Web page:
Six members of Hunton Andrews Kurth LLP’s insurance coverage team (Walter Andrews, Lorie Masters, Koorosh "KT" Talieh, Larry Bracken, Mike Levine and Scott DeVries) attended the American College of Coverage Counsel’s annual meeting in Chicago, where Lorie Masters received the College’s prestigious Thomas F. Segalla Service Award. The College annually bestows the award in recognition of dedication and service to the College. Named in honor of the College's first president, the award recognizes recipients that demonstrate Creativity, Visibility, and Persistence, three characteristics that embody the approach of Tom Segalla to his practice, volunteerism, and leadership in the practice of law.  In addition to receiving the award, Lorie, as well as Larry and Mike, presented during the conference.

Time 5 Minute Read

On April 11, 2023, Maryland Governor Wes Moore signed into law the Child Victims Act of 2023, allowing Maryland to join the growing number of states to rejuvenate previously time-barred lawsuits by victims of child sexual abuse against public school boards, government entities and private institutions. The Act also increases the statutory cap on civil damages for child sexual abuse—damages against public school boards and government entities are capped at $890,000 per incident, while per-incident damages against private institutions, including independent schools, are capped at $1.5 million. Maryland follows other states, like California and New York, which paved a path for abuse victims to bring previously time-barred claims based on alleged abuse that occurred decades earlier. Maryland is the first state, however, to pass this type of statute with a lookback period of infinite duration—meaning there is no limit for how long ago the alleged abuse occurred, and the statutes of limitation for lawsuits based on future acts of abuse are eliminated. Other states, such as New York and New Jersey, created limited lookback periods (one or two years), during which survivors were able to file previously time-barred claims.  

Time 3 Minute Read

Blockchain technology has been touted as inherently reliable for years. More recently, collectors of Non-Fungible Tokens (NFTs) have explored expanded uses for that novel technology. Some courts have bought in and, in doing so, recently authorized a use that perhaps no one had imagined when NFTs first entered the mainstream: service of process.

Time 4 Minute Read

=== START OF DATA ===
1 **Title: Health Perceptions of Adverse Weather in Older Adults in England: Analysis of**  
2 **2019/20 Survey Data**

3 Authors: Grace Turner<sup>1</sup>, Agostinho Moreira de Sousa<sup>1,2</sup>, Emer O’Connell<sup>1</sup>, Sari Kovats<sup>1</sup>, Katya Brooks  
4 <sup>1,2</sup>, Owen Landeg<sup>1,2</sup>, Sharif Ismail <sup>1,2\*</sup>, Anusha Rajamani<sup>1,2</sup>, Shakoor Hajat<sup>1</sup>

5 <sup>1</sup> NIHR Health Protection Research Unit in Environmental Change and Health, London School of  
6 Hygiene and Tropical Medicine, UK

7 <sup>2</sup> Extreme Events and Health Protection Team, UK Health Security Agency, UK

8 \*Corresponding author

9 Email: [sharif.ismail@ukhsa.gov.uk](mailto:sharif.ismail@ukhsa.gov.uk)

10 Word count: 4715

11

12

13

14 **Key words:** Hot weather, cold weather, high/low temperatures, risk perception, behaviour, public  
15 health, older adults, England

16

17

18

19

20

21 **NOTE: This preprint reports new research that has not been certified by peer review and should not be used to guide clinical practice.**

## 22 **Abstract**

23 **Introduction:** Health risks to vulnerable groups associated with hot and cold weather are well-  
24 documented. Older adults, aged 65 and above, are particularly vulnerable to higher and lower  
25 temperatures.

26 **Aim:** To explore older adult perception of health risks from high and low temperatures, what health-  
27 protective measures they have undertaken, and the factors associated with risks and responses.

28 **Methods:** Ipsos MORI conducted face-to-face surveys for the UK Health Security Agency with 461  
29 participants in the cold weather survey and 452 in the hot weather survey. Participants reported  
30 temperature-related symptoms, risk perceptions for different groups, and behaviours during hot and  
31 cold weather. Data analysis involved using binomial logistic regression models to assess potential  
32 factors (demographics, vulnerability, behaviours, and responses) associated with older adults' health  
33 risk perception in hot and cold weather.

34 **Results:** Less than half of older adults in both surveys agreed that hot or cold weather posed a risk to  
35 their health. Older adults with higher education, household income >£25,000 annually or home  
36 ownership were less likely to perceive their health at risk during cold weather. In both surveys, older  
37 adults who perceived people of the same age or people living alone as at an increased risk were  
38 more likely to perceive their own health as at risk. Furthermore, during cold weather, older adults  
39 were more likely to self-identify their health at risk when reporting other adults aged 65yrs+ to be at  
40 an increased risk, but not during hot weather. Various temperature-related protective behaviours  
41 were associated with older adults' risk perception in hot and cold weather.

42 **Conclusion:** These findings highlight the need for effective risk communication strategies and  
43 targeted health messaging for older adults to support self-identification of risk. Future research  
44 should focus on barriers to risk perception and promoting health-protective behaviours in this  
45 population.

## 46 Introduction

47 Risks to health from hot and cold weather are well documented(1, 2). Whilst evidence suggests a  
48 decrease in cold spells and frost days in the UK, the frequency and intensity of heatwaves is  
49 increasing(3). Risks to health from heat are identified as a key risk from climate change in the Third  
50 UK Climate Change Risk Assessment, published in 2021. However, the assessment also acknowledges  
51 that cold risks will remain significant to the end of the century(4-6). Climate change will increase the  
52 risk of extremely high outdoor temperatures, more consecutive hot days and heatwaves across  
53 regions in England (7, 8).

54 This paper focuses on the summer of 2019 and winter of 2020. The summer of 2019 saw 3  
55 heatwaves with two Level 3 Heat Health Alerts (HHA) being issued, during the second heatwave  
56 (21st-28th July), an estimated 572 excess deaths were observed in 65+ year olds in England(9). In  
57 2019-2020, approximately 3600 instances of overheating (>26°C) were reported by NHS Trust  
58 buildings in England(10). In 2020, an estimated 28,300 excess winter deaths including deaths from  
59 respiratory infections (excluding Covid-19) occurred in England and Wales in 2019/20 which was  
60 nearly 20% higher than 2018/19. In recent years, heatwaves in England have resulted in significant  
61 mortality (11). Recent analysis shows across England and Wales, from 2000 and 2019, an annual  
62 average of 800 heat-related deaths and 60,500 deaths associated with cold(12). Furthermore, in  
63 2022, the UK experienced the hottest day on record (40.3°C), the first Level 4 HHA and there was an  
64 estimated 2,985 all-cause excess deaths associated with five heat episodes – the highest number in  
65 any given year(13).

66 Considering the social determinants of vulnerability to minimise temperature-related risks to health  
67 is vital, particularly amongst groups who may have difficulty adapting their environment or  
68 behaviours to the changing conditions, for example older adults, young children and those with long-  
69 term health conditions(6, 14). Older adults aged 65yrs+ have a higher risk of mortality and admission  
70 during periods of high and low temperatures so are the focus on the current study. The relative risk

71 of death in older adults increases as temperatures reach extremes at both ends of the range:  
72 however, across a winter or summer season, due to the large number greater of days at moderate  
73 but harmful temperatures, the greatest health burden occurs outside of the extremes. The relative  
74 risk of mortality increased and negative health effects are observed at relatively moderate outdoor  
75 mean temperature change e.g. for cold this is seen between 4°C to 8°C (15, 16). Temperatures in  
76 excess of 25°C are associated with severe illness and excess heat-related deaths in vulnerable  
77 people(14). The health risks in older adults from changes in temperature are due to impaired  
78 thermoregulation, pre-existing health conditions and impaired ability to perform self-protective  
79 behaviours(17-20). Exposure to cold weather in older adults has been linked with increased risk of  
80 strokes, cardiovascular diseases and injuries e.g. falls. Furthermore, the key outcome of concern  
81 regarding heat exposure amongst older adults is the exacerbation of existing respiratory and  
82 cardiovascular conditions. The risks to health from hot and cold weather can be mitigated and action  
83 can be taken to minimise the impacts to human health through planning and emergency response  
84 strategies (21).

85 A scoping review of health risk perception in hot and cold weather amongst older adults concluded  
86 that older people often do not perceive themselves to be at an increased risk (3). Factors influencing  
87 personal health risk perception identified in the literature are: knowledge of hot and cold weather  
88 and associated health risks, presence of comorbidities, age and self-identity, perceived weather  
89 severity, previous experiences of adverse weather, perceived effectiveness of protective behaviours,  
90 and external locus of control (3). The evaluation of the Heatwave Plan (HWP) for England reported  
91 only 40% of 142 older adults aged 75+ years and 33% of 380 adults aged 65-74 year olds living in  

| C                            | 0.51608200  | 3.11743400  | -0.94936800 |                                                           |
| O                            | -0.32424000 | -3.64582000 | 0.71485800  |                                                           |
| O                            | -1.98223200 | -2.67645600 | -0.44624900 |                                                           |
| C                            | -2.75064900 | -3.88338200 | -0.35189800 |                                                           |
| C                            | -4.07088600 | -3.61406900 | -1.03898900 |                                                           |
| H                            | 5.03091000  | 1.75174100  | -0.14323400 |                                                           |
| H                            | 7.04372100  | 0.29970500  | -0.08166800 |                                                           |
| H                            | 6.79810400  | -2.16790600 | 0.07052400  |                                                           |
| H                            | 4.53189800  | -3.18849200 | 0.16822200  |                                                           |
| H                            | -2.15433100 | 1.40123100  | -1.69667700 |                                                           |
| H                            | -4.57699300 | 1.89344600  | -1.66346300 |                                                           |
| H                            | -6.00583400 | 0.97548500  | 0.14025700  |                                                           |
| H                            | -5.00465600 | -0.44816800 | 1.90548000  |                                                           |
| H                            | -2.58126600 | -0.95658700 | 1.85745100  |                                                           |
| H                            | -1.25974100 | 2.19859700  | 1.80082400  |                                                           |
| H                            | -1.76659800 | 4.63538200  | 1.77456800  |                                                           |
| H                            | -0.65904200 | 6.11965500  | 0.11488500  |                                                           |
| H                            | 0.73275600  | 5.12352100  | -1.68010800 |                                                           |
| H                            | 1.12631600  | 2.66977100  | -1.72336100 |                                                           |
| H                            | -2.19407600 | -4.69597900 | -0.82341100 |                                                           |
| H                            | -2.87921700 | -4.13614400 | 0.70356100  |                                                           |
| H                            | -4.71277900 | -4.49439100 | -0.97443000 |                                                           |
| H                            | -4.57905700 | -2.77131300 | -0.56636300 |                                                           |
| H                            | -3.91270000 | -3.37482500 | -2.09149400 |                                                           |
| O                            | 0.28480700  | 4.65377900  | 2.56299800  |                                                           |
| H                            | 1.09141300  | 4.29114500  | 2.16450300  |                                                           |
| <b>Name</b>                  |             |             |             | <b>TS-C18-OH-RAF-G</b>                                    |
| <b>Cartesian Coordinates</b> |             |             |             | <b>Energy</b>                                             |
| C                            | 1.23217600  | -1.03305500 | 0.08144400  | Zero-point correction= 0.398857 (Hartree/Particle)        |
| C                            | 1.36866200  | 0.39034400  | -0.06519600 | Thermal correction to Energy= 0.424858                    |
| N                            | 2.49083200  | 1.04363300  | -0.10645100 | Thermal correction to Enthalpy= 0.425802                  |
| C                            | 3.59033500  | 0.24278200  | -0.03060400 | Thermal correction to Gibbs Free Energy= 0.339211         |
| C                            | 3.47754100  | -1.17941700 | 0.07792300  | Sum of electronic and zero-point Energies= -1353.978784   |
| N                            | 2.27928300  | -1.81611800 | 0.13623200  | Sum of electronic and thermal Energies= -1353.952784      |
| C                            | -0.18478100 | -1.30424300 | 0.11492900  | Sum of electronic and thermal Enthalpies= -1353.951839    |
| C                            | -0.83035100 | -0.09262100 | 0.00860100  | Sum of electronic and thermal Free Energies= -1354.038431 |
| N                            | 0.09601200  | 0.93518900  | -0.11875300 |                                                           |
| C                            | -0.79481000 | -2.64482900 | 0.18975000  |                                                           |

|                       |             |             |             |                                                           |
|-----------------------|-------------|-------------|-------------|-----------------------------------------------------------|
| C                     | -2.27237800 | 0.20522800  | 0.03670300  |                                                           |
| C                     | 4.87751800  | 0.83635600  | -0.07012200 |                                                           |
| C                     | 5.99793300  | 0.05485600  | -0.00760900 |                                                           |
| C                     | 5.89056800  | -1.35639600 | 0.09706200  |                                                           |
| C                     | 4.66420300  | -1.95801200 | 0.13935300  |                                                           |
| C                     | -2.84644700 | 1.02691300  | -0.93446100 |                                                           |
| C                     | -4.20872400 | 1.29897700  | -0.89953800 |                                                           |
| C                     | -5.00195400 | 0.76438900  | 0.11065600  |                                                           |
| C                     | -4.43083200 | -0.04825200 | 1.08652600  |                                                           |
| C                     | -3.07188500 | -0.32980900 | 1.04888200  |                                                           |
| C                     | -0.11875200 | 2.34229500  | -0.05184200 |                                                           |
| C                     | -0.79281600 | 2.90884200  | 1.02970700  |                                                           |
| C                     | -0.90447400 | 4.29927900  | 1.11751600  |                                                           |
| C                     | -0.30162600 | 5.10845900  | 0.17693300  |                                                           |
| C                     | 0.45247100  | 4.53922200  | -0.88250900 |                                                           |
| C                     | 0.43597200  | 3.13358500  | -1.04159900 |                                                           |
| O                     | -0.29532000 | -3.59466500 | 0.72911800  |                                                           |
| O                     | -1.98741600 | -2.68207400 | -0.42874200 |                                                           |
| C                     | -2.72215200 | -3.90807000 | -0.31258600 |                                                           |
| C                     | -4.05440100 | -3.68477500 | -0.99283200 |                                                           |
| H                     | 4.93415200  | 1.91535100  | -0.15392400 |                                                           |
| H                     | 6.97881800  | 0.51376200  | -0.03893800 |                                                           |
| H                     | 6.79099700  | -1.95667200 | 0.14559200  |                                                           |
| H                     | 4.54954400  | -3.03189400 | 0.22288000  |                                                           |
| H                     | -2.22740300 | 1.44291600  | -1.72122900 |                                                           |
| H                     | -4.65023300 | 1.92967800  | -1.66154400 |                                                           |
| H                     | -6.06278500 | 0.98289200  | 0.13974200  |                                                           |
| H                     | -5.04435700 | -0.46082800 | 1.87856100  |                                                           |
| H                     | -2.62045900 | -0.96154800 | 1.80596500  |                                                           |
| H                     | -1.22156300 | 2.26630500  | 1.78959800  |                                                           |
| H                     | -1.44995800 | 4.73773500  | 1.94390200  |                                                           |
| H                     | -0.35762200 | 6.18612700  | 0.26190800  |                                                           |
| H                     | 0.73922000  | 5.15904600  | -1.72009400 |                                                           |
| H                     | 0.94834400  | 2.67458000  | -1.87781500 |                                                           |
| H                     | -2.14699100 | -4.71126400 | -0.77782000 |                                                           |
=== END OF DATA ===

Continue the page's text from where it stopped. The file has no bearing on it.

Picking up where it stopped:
The Eighth Circuit has affirmed that an AIG affiliate must cover the full $32 million loss stemming from an employee’s embezzlement scheme. The court found that not only was National Union Fire Insurance Company of Pittsburgh (“National Union”) liable for the $3 million the employee actually stole, but that the plain language of the commercial crime policy also required coverage for the $29 million in excess costs her scheme caused Cargill to endure.

Time 3 Minute Read

Last week, the Fifth Circuit affirmed that a title company’s crime protection policy applies to cover loss from a fraudulent wire transfer. The insurer, RLI Insurance Company (RLI), had argued that the $250,945.31 transfer was not covered under the funds transfer fraud endorsement because the instruction that led to the transfer was authorized and approved by the insured, Valero Title Inc. (Valero). Specifically, a Valero employee instructed Valero’s bank to wire the funds to a fraudulent account after a fraudster posing as a lender’s employee intercepted email communications regarding a payoff transaction and deceptively instructed the transfer.

Time 4 Minute Read

Last week, the Ohio Supreme Court ruled in EMOI Services, L.L.C. v. Owners Ins. Co., 2022 WL 17905839 (Ohio, Dec. 27, 2022), that a policyholder did not suffer direct physical loss of or damage to computer media that was encrypted and rendered unusable.  The Court reached its ruling even though “media” was defined in the policy to include “computer software,” concluding that software does not have a “physical existence.” The Supreme Court’s decision reverses an Ohio appellate court’s earlier ruling that the cyberattack triggered coverage under a commercial property insurance policy and builds upon plainly distinguishable rulings in COVID-19 business interruption cases, such as Santo’s Italian Café, L.L.C. v. Acuity Ins. Co., 15 F.4th 398, 402 (6th Cir. 2021), where the Sixth Circuit found that government orders issued in response to the COVID-19 pandemic did not physically alter insured property.